‘Two-factor authentication’ may satisfy the security concerns of many CIOs but it adds a burden to users.
Google’s Enterprise blog announced that some customers would soon have the ability to add two-factor authentication to their Apps accounts. This service is now available for government and premier customers and will roll out to all Apps users and Gmail users in the coming months.
It is an opt-in service. Users identify their home computers only once for authentication. Company Apps administrators may not be as lax, however. Once enabled by an administrator, end users can set up the security feature in the accounts tab in Gmail settings.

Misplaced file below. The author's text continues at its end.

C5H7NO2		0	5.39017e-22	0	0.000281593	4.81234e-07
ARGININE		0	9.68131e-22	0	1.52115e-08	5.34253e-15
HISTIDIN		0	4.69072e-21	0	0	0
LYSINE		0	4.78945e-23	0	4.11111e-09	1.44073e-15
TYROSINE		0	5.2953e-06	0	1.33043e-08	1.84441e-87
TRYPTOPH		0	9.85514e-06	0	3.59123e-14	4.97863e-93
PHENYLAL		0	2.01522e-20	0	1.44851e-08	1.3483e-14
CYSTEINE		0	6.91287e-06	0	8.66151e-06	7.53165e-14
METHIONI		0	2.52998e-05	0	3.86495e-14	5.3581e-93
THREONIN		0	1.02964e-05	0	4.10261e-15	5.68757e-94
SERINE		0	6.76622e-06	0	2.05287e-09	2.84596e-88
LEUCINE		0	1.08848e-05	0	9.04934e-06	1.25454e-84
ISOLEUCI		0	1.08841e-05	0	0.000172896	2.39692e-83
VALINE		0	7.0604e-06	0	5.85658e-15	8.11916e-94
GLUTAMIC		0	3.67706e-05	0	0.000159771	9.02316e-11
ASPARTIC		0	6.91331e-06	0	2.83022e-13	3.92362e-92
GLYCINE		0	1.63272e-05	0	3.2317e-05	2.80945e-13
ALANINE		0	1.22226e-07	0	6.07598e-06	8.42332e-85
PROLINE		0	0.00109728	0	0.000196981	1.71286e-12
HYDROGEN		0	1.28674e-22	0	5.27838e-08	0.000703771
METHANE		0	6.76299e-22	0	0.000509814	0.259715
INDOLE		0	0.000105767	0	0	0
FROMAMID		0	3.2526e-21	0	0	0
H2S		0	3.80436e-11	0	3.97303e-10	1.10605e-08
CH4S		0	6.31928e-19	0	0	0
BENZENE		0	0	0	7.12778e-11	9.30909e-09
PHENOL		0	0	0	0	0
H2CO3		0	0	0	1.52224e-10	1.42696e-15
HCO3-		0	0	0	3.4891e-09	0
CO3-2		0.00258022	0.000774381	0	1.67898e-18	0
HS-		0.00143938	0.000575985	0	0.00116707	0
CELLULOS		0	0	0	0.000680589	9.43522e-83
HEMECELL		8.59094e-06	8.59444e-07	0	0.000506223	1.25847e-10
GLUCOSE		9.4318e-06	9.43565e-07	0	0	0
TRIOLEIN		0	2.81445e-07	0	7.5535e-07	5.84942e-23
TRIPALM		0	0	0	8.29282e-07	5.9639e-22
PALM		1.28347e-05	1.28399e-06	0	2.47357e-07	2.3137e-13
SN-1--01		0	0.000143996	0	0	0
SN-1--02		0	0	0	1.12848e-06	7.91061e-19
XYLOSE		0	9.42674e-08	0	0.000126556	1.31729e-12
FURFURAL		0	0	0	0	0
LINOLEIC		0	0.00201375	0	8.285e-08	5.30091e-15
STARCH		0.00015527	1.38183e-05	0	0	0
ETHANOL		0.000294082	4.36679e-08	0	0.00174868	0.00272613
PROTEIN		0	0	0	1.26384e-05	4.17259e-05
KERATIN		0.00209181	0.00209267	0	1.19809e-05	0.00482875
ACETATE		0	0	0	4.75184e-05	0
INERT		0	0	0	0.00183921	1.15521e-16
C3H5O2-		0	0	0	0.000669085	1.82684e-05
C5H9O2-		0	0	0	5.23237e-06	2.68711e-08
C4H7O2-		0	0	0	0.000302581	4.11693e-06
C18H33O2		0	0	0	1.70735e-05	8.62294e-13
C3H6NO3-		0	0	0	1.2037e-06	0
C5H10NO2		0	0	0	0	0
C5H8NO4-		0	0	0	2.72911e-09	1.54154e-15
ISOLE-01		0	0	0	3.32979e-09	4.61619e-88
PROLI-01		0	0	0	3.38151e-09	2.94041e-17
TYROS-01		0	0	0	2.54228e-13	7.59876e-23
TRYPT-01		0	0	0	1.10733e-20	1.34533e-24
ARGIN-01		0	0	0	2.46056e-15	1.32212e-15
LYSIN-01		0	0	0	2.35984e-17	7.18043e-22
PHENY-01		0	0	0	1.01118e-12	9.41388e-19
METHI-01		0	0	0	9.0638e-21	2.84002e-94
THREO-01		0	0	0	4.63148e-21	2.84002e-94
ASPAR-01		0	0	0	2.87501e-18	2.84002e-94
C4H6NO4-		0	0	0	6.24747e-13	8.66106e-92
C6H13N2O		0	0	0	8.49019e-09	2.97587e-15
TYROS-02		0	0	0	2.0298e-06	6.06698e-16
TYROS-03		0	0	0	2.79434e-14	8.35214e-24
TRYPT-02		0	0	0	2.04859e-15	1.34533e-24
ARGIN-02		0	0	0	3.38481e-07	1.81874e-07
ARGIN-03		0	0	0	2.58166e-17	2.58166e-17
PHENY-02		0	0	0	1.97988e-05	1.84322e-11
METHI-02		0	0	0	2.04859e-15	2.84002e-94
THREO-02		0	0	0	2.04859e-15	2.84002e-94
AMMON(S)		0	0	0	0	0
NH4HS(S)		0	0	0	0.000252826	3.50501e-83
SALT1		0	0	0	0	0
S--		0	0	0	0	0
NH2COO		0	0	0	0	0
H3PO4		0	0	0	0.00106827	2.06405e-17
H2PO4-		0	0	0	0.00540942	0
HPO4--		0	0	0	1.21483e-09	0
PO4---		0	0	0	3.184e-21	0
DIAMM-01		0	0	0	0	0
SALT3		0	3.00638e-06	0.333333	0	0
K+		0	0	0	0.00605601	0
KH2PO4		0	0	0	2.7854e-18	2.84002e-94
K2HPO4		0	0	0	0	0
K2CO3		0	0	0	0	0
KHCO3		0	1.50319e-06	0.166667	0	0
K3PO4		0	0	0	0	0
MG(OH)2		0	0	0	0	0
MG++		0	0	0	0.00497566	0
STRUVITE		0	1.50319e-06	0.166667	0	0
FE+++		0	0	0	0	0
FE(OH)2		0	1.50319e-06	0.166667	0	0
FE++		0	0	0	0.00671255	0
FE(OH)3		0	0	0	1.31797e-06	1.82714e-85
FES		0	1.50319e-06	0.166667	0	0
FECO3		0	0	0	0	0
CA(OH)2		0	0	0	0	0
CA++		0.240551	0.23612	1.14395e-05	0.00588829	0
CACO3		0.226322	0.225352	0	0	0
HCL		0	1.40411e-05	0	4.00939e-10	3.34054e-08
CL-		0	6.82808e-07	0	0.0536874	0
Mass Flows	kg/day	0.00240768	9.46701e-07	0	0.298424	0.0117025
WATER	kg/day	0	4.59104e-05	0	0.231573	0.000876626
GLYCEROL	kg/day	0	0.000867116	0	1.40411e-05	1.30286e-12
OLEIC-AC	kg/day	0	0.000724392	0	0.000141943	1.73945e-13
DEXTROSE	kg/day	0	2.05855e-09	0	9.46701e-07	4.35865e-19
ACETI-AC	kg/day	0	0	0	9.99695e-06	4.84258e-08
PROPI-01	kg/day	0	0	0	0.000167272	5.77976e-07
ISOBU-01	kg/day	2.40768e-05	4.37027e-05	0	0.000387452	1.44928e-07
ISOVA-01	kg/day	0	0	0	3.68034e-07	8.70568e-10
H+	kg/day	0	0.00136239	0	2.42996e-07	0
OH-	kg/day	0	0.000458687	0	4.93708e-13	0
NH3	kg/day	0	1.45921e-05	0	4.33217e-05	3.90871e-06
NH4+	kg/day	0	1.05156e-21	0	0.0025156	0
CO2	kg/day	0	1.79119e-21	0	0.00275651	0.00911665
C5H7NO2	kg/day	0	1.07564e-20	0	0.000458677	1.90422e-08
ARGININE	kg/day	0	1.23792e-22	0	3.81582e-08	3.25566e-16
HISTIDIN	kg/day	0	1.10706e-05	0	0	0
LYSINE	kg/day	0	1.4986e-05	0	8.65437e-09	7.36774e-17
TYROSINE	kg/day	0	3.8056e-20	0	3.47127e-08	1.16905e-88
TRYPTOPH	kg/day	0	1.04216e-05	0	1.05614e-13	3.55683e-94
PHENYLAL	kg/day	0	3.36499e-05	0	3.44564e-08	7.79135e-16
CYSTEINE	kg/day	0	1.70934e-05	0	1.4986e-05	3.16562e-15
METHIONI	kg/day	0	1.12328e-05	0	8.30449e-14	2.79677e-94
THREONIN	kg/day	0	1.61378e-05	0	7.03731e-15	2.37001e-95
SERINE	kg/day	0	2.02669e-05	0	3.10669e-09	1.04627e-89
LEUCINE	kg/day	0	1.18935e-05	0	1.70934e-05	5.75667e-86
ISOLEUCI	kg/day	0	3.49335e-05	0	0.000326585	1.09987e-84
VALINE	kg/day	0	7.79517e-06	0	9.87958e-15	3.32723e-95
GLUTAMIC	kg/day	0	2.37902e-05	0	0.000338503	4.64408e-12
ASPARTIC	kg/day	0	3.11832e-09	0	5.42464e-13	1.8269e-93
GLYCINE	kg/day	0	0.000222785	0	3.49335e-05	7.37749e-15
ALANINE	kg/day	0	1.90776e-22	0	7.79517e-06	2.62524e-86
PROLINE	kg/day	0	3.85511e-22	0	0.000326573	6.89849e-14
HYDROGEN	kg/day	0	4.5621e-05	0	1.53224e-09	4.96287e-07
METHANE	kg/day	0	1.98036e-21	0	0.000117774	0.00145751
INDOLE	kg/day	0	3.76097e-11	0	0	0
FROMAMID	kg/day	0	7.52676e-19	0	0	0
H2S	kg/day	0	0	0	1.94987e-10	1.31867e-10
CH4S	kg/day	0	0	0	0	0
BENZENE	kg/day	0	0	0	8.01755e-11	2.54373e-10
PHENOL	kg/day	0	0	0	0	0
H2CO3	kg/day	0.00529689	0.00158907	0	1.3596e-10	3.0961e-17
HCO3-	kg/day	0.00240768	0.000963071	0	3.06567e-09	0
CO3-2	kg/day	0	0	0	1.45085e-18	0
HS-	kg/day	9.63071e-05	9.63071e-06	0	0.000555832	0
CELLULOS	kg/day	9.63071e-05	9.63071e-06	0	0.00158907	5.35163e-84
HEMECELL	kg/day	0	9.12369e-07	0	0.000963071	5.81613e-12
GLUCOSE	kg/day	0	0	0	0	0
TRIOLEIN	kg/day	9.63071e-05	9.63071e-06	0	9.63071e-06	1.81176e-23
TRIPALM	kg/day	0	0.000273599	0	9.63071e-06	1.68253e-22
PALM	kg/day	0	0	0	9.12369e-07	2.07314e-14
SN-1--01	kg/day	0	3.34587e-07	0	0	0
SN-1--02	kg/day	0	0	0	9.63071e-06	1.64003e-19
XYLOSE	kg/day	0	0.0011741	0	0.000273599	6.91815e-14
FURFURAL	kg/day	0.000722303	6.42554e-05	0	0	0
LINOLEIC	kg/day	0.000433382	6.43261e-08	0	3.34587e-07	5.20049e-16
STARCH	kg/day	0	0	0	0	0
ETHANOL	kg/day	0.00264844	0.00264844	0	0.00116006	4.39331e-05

This is a big step for organizations that aren’t comfortable with the single sign-on method of verification that Google currently employs. By adding the additional step (and tying it with a mobile device) Google will satisfy a much broader swath of corporate IT standards, especially in banking and government.
The downsides are few but significant. Users obviously won’t be excited about another authentication step that involves pulling a device out of their pocket and firing up an app.
Google also allows the password to be sent over SMS. While that makes just about any mobile device made in the last ten years a way of authentication, it also could add SMS charges if your carrier charges by text.
Another downside is that getting your phone stolen is now a key in getting into your e-mail, though you’ll likely be able to remote-wipe your phone. Theives will still need your original password to get into your e-mail.
Google notes its own security creds: